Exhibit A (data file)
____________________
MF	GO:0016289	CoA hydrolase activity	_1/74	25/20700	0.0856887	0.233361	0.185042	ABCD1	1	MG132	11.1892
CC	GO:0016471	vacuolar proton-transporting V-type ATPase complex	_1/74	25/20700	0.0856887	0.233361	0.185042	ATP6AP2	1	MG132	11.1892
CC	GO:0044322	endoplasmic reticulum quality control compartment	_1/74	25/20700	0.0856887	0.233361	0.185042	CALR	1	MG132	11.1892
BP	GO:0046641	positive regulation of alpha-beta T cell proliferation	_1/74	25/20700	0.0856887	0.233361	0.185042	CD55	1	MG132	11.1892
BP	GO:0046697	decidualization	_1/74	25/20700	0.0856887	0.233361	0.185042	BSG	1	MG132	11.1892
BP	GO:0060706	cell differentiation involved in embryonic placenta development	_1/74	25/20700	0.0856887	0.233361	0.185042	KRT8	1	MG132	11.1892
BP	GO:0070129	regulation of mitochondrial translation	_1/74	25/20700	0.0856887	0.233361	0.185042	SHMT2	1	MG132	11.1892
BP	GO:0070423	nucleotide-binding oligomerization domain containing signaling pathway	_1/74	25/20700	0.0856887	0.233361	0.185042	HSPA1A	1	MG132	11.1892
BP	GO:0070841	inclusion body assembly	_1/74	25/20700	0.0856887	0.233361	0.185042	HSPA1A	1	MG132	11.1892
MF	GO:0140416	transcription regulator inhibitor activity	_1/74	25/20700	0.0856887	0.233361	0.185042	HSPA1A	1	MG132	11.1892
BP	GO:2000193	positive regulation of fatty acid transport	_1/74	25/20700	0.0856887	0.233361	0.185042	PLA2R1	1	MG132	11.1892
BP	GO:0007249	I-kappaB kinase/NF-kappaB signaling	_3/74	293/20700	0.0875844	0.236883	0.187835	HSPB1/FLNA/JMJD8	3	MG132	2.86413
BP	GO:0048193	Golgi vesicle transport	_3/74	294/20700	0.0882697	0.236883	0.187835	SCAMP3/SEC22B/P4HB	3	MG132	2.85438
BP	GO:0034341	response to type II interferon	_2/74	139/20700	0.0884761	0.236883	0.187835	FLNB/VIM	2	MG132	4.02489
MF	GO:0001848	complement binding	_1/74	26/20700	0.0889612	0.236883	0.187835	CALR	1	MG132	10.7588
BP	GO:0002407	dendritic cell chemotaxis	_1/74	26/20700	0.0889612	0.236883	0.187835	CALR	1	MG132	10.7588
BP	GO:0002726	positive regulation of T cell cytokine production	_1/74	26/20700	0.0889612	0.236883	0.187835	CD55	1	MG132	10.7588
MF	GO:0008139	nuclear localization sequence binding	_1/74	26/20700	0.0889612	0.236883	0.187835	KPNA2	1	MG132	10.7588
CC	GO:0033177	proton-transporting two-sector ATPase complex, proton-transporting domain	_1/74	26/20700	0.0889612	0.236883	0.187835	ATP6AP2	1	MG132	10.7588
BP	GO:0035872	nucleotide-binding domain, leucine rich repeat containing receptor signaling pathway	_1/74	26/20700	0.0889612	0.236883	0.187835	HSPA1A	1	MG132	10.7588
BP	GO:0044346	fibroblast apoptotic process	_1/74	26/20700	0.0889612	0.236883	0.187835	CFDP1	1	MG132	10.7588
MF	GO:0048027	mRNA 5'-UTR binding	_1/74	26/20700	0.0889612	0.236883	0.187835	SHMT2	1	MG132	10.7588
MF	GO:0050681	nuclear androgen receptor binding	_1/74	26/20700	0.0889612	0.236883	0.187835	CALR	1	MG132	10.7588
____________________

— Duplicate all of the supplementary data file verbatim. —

MF	GO:0016289	CoA hydrolase activity	_1/74	25/20700	0.0856887	0.233361	0.185042	ABCD1	1	MG132	11.1892
CC	GO:0016471	vacuolar proton-transporting V-type ATPase complex	_1/74	25/20700	0.0856887	0.233361	0.185042	ATP6AP2	1	MG132	11.1892
CC	GO:0044322	endoplasmic reticulum quality control compartment	_1/74	25/20700	0.0856887	0.233361	0.185042	CALR	1	MG132	11.1892
BP	GO:0046641	positive regulation of alpha-beta T cell proliferation	_1/74	25/20700	0.0856887	0.233361	0.185042	CD55	1	MG132	11.1892
BP	GO:0046697	decidualization	_1/74	25/20700	0.0856887	0.233361	0.185042	BSG	1	MG132	11.1892
BP	GO:0060706	cell differentiation involved in embryonic placenta development	_1/74	25/20700	0.0856887	0.233361	0.185042	KRT8	1	MG132	11.1892
BP	GO:0070129	regulation of mitochondrial translation	_1/74	25/20700	0.0856887	0.233361	0.185042	SHMT2	1	MG132	11.1892
BP	GO:0070423	nucleotide-binding oligomerization domain containing signaling pathway	_1/74	25/20700	0.0856887	0.233361	0.185042	HSPA1A	1	MG132	11.1892
BP	GO:0070841	inclusion body assembly	_1/74	25/20700	0.0856887	0.233361	0.185042	HSPA1A	1	MG132	11.1892
MF	GO:0140416	transcription regulator inhibitor activity	_1/74	25/20700	0.0856887	0.233361	0.185042	HSPA1A	1	MG132	11.1892
BP	GO:2000193	positive regulation of fatty acid transport	_1/74	25/20700	0.0856887	0.233361	0.185042	PLA2R1	1	MG132	11.1892
BP	GO:0007249	I-kappaB kinase/NF-kappaB signaling	_3/74	293/20700	0.0875844	0.236883	0.187835	HSPB1/FLNA/JMJD8	3	MG132	2.86413
BP	GO:0048193	Golgi vesicle transport	_3/74	294/20700	0.0882697	0.236883	0.187835	SCAMP3/SEC22B/P4HB	3	MG132	2.85438
BP	GO:0034341	response to type II interferon	_2/74	139/20700	0.0884761	0.236883	0.187835	FLNB/VIM	2	MG132	4.02489
MF	GO:0001848	complement binding	_1/74	26/20700	0.0889612	0.236883	0.187835	CALR	1	MG132	10.7588
BP	GO:0002407	dendritic cell chemotaxis	_1/74	26/20700	0.0889612	0.236883	0.187835	CALR	1	MG132	10.7588
BP	GO:0002726	positive regulation of T cell cytokine production	_1/74	26/20700	0.0889612	0.236883	0.187835	CD55	1	MG132	10.7588
MF	GO:0008139	nuclear localization sequence binding	_1/74	26/20700	0.0889612	0.236883	0.187835	KPNA2	1	MG132	10.7588
CC	GO:0033177	proton-transporting two-sector ATPase complex, proton-transporting domain	_1/74	26/20700	0.0889612	0.236883	0.187835	ATP6AP2	1	MG132	10.7588
BP	GO:0035872	nucleotide-binding domain, leucine rich repeat containing receptor signaling pathway	_1/74	26/20700	0.0889612	0.236883	0.187835	HSPA1A	1	MG132	10.7588
BP	GO:0044346	fibroblast apoptotic process	_1/74	26/20700	0.0889612	0.236883	0.187835	CFDP1	1	MG132	10.7588
MF	GO:0048027	mRNA 5'-UTR binding	_1/74	26/20700	0.0889612	0.236883	0.187835	SHMT2	1	MG132	10.7588
MF	GO:0050681	nuclear androgen receptor binding	_1/74	26/20700	0.0889612	0.236883	0.187835	CALR	1	MG132	10.7588